Map of the Levantine coast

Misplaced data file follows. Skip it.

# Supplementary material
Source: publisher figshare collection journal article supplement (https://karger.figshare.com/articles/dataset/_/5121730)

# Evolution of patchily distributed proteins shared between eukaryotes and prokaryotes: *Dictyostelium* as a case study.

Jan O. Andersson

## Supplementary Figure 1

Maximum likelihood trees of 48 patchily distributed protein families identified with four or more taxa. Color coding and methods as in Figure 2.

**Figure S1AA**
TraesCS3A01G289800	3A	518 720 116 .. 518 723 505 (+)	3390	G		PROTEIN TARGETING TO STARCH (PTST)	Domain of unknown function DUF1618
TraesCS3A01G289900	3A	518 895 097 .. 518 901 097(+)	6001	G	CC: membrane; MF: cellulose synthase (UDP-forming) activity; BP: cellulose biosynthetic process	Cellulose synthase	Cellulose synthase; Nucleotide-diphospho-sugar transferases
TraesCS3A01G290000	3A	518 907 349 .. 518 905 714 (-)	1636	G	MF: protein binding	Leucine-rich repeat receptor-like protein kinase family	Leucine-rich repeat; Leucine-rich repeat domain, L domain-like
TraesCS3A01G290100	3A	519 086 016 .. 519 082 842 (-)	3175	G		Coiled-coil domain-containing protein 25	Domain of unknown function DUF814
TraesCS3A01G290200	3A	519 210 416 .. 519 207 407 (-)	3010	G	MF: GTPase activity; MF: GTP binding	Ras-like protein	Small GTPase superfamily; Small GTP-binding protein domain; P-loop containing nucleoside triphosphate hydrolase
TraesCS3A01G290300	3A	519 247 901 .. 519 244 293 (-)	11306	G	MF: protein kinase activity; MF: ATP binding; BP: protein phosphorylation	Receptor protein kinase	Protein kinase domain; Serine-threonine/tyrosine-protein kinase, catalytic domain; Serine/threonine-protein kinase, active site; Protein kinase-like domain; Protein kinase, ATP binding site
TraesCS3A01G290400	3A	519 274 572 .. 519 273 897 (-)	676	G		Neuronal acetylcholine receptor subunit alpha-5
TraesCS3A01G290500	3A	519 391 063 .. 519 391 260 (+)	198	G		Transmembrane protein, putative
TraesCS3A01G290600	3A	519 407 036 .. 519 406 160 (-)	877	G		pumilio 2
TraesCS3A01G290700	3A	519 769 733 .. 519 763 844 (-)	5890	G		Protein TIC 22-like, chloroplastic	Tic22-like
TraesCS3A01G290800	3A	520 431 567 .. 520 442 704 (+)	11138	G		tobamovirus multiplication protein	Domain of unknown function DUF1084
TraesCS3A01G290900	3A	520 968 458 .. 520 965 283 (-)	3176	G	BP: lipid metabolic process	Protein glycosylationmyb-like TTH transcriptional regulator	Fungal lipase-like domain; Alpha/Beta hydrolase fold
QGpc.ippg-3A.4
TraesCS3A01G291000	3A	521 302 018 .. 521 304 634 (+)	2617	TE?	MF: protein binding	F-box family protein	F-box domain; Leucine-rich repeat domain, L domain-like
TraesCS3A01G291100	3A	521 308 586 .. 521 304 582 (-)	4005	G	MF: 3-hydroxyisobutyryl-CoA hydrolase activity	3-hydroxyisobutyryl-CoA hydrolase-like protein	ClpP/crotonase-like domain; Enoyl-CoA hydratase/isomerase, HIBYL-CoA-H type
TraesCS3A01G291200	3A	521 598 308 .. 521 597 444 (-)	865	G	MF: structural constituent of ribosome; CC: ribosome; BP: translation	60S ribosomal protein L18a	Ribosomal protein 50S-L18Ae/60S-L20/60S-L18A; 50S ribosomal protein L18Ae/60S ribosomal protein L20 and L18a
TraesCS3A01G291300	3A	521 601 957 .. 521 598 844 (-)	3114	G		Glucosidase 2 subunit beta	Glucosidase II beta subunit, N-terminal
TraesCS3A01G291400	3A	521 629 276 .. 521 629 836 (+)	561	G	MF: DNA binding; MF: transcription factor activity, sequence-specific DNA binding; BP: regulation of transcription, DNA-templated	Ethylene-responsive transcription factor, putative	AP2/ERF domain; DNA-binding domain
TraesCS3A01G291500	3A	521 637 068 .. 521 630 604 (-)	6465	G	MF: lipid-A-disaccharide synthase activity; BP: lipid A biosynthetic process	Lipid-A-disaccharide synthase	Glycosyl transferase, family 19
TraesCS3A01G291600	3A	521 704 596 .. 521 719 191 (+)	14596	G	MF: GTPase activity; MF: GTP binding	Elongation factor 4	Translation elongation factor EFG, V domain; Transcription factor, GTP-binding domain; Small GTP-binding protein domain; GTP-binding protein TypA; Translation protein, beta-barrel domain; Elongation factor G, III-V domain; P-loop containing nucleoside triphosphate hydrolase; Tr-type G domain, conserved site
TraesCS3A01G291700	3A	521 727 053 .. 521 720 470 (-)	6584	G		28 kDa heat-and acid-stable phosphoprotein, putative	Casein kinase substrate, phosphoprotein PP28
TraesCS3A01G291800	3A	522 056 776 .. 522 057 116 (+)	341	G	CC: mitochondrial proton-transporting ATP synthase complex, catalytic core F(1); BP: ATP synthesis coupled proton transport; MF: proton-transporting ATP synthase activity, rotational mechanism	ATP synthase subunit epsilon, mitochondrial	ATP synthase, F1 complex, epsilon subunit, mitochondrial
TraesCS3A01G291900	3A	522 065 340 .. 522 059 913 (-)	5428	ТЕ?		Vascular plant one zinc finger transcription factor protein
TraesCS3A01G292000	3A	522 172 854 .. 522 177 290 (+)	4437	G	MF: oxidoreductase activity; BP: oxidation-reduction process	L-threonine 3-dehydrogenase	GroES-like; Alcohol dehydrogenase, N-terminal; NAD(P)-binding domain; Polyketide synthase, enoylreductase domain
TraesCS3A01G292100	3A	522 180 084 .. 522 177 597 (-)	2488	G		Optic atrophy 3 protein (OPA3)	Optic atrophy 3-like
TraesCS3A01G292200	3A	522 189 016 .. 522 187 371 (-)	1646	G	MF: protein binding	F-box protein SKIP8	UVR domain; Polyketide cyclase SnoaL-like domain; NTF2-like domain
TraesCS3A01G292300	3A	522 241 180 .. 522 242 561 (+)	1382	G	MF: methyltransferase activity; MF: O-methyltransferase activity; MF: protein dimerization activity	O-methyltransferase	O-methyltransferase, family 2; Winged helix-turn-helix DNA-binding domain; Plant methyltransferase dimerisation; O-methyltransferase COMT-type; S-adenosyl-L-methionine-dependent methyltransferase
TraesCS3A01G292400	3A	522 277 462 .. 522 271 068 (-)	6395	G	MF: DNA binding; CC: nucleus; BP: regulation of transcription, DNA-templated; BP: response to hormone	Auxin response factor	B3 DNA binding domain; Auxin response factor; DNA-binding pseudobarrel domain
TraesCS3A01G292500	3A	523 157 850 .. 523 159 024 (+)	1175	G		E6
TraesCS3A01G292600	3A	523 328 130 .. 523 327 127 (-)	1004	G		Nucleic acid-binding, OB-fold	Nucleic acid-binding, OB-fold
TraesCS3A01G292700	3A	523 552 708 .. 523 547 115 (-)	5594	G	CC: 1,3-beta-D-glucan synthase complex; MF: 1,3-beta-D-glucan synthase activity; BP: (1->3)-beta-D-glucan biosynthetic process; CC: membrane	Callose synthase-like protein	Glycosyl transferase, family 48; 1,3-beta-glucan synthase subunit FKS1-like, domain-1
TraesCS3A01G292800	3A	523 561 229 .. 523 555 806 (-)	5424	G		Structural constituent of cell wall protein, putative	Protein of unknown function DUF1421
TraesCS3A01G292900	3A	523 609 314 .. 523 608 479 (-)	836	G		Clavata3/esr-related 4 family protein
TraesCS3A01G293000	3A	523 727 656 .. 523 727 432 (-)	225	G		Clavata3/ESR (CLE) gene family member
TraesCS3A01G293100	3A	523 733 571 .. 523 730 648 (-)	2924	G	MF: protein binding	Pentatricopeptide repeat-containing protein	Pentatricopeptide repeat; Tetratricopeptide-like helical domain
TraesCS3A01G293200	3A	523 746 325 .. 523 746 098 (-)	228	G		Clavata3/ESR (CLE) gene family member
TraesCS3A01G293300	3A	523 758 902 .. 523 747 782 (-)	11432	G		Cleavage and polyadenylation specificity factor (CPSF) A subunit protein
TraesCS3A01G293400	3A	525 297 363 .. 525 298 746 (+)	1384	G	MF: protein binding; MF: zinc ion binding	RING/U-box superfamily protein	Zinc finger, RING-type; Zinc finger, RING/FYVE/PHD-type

The world that Ugarit brings to light introduces an important reality into our thinking: that Israel was not alone in the ANE world. That’s part of what Williams hopes to bring to light with this new book. “So often students at seminary, and anyone who reads the Bible, really, can fall into the trap of assuming—not even consciously—that Israel was the only nation that existed on the face of the earth at the time. Just reading the Old Testament and the things Israel experienced and did, we can’t really understand them without understanding what it is that they’re dealing with all around them: the other nations, the forces and influences impinging upon them, how they are responding…You can’t understand the last kings of the Kingdom of Judah, for example, until you understand the tremendous forces they were facing, with Egypt to their south and west and Assyria and Babylon to the north and east, and how Egypt and Assyria and Babylon were always fighting over this land that Judah occupied. So the kings were always playing this kind of political game, appeasing these giant forces, so they went back and forth. And in the midst of all this you have the prophets saying, ‘Hey! Trust the Lord!’ and it’s easy for us to say, ‘Yeah! What’s wrong with you? Haven’t you learned your lesson?’ But that’s like Jerry Falwel or some other religious leader today telling the president, ‘Hey! You should do this!’ ‘Well, thank you for your input I’ll certainly weigh that in with all of these other factors, but I’ve got these giant military machines on my border who are telling me to do something—’ They’re trying to preserve their nation! And that’s just one example, but anything that can help students, or anyone, get a broader perspective, understand the forces, influences, cultural trends that were affecting the people of God is good. It can help us understand what they experienced in dealing with those influences and how we should deal with similar influences today.”